No prouder decorations exist today than the Navy Cross and the Navy Distinguished Service Medal, but their creation and early award were fraught with controversy, ambiguity and confusion.
As enacted 04 Feb. 1919, the Navy Cross was the naval services third-highest award and could be awarded for both combat heroism and for other distinguished service. Many, for instance, were earned for extraordinary diving and salvage feats. As originally third in precedence behind the Medal or Honor and the Navy Distinguished Service Medal, more than one Navy Cross recipient regarded its award as a "snub" in lieu of the Distinguished Service Medal.
The same act established the Distinguished Service Medal. Both decorations could be awarded retroactive to 06 April 1917. It would be 23 years and a 07 Aug. 1942 action by Congress that would place the Navy Cross just beneath the Medal of Honor, and limit its award to combat-only recognition.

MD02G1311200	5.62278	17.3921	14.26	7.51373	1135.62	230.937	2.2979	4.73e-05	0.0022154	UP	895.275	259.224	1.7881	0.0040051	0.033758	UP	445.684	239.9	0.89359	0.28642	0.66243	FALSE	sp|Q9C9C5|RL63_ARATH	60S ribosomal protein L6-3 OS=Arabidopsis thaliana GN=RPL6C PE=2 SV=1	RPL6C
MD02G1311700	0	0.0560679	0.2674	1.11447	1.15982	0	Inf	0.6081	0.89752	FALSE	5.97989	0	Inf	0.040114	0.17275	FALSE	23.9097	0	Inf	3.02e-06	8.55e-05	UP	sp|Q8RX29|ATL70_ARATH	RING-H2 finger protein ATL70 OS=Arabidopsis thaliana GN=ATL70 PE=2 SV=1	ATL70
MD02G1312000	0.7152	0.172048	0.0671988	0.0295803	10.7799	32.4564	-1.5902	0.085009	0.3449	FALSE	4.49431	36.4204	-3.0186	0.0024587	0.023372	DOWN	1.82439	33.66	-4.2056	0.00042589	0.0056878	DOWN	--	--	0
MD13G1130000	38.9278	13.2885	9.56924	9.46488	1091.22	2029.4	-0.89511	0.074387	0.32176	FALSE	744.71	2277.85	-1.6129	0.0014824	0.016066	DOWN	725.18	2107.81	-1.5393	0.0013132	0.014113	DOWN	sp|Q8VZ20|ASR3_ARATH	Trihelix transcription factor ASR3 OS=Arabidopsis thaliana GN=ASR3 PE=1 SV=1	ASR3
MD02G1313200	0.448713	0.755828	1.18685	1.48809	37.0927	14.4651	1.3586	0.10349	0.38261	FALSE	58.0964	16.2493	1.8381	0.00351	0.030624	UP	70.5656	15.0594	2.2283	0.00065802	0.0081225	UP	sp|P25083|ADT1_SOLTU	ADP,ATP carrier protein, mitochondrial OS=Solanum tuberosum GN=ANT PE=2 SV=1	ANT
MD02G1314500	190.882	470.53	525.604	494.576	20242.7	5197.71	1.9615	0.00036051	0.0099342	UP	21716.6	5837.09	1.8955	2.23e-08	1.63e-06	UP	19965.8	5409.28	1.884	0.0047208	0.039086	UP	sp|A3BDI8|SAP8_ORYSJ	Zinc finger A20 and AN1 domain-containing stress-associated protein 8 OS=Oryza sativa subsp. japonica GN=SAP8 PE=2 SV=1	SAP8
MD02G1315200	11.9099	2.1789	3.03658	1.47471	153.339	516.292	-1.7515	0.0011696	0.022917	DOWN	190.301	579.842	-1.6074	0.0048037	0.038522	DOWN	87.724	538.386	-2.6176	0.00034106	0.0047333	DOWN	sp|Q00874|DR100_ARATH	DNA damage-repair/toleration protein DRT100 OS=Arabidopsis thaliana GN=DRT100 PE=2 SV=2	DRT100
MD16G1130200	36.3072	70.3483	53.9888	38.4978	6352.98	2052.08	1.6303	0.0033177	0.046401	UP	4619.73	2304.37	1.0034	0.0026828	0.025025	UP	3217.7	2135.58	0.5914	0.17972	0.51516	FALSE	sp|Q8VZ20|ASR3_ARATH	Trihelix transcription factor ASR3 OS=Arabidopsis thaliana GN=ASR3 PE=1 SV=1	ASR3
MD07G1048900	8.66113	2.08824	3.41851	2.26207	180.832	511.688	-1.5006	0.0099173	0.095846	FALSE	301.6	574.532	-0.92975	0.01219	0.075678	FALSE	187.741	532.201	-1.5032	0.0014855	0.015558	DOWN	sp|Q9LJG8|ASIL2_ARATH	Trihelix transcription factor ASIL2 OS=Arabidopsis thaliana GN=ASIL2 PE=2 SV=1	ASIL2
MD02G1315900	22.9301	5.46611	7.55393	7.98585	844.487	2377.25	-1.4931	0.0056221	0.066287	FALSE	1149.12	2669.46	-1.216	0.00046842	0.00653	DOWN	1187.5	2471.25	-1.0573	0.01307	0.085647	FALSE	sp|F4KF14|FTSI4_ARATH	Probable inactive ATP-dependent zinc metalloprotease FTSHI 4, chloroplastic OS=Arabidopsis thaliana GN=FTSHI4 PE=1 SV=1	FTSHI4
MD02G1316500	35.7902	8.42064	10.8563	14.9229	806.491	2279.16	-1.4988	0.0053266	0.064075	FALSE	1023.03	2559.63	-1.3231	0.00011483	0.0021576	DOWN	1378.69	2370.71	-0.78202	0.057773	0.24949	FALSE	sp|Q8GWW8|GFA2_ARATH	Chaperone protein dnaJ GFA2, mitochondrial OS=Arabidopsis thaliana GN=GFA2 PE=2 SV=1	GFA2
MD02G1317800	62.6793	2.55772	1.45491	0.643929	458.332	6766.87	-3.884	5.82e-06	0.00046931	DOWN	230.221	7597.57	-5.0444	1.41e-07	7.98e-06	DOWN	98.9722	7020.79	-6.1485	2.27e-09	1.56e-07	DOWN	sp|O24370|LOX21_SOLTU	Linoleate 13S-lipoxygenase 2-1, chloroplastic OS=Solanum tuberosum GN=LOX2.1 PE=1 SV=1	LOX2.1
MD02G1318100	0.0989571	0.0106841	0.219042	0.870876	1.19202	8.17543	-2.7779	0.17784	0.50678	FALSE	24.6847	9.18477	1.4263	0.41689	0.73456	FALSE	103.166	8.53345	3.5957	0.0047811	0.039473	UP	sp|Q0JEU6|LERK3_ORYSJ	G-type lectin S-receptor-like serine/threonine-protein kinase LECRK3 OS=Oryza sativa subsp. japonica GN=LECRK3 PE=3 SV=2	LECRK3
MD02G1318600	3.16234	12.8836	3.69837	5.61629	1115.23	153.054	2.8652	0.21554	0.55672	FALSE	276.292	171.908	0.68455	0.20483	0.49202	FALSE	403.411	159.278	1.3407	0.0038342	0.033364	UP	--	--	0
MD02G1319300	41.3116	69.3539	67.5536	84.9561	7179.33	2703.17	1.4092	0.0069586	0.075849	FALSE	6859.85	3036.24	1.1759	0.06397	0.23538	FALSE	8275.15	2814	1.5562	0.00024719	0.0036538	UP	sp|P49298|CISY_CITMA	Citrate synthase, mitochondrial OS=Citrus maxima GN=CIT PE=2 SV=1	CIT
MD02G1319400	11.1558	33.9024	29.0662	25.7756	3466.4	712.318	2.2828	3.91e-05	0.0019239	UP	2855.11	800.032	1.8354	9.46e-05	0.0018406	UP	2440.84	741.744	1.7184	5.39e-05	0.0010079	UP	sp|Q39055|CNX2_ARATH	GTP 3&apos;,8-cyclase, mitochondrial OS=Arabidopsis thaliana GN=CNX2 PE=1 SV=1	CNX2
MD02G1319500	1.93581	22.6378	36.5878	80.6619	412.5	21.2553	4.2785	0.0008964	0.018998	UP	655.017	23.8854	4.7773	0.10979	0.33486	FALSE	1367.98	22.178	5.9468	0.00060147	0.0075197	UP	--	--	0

The Navy Cross was designed by James Earle Fraser, a distinguished sculptor, member of the nation's Fine Arts Commisson and designer of the obverse of the Victory Medal and an early version of the Navy Distinguished Service Medal. The Navy Cross' arguable resemblance to Great Britain's Navy Distinguished Service Cross is noteworthy, but not elaborated upon in any records. Fraser experimented with the image of a World War I-era destroyer on the medal, but finally opted for the more timeless, flowing lines of a 15th-century caraval or sailing ship.
Subtle variations have marked the evolution of the Navy Cross from 1919 to the present. One constant has been the actual medal, which has been struck from the same die and is of three-part construction: the cross itself and the front and back medallions, which are struck separately and subsequently soldered together. Current forgers almost always strike their fakes in one piece, allowing the studied eye one method of detecting frauds.